Dreaming of the Good Old Days

They put my father head-first in the car and then he sat there in back, mad as hell. My Uncle Mike came after me to make sure I didn't do anything stupid like chase after my father. My uncle knew I would do anything for my father.

Before the police car pulled off, my father and I stared at each other with the same mad intense face. Then he winked at me, like it was a sign of something. Of what I have no idea. After he gave me that little wink, I felt strange, weird even.

image by Stefan Vaubel

A little later, I moved out to Queens with my sister to my aunt's crib. Then it became hard. It was bad enough that I couldn't see my father, because he was in prison, but also hard to be in a new area and home. You never know how much you'll miss someone 'til they aren't there anymore. I guess that's how I felt about my father.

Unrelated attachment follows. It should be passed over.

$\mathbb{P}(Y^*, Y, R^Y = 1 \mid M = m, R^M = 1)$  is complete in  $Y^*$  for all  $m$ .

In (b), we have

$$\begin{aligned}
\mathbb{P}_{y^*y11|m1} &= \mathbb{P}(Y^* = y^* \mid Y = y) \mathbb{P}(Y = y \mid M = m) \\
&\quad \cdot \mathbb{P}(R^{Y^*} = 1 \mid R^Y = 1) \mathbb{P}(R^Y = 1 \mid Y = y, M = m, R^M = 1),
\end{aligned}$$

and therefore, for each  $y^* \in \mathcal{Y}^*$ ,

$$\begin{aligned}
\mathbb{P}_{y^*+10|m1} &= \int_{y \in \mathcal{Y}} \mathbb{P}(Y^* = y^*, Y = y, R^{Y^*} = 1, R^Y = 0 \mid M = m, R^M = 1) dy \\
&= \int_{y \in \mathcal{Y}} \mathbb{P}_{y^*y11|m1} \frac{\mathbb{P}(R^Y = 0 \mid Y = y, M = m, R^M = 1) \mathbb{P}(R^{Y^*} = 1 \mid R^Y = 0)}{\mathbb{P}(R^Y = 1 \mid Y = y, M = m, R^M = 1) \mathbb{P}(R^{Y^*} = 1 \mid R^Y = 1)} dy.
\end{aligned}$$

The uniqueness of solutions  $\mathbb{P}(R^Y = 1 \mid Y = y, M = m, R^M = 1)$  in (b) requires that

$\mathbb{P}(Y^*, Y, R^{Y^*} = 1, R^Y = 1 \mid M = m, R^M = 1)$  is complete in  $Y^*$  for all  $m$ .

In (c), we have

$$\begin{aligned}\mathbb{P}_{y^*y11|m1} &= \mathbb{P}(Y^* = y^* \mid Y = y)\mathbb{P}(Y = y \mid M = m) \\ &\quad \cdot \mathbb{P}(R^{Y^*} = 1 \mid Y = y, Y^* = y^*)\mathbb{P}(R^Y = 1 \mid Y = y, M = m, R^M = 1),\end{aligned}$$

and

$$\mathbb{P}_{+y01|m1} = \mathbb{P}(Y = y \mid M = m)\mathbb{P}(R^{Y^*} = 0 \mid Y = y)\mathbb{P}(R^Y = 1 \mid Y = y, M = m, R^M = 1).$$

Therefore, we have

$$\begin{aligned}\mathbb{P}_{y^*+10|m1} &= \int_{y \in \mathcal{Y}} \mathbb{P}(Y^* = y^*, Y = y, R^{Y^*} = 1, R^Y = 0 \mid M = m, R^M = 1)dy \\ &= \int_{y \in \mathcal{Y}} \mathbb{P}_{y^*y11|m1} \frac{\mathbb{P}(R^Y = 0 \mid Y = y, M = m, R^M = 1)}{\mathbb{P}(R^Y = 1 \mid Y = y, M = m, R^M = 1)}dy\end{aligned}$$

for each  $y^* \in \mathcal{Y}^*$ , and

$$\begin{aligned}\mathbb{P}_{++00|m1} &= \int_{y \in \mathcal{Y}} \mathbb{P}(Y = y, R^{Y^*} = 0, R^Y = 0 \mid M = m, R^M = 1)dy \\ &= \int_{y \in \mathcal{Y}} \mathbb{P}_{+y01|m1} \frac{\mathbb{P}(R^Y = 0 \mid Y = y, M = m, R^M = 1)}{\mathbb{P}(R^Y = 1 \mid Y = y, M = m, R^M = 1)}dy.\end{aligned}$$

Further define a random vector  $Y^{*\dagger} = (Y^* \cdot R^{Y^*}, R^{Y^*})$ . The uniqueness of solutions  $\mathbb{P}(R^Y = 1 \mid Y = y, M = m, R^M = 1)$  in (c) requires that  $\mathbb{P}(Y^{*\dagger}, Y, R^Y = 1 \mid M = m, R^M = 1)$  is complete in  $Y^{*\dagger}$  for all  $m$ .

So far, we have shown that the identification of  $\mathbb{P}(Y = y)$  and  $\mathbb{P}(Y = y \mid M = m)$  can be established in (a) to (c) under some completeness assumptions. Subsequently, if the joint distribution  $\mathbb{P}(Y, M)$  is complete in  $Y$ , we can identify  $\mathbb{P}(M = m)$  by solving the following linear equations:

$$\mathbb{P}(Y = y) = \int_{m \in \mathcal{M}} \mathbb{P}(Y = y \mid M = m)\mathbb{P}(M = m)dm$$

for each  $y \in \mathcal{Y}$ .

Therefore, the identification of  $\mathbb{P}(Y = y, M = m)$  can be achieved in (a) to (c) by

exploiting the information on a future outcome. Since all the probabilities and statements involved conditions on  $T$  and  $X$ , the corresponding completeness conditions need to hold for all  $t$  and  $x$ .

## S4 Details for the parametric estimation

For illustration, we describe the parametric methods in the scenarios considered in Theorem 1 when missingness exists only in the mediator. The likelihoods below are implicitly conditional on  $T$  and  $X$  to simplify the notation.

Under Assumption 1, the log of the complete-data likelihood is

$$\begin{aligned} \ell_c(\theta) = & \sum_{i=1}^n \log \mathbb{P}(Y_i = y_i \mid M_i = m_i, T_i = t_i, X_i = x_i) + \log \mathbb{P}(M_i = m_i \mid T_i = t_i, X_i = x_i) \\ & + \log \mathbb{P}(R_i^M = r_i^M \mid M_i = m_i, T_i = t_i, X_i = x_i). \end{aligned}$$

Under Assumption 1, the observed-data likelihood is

I used to sit there in my new room and reminisce about what my father and I used to do. When we were in Harlem, we used to sit in my older brother Chic's room, and eat some of Grandma's Spanish food while watching the Bulls game. My pops and I would always compete to see who would win. Then there were those times when he would teach me how to do a fade away shot like Jordan. Those were times you can never forget. No matter what bad things or situations you've been in were, the good ones last forever.

A Drawer Full of Letters

All the cards and letters my father ever wrote me from prison, I kept. I put them all in my drawer full of letters and old birthday cards. Whenever I missed him or thought about him, I went back to the drawer and reread the letters in remembrance and would picture him saying them to me.

On my 11th birthday I was in the car going to Rye Playland, an amusement park, with my family and my aunt gave me a card that came from my father. I opened it. There was a rose on the outside. Inside it said, "I'm sorry, Son, I couldn't be there for your 11th birthday. I wish I could be there to see your face behind those candles, with your face smiling as you blow out those candles."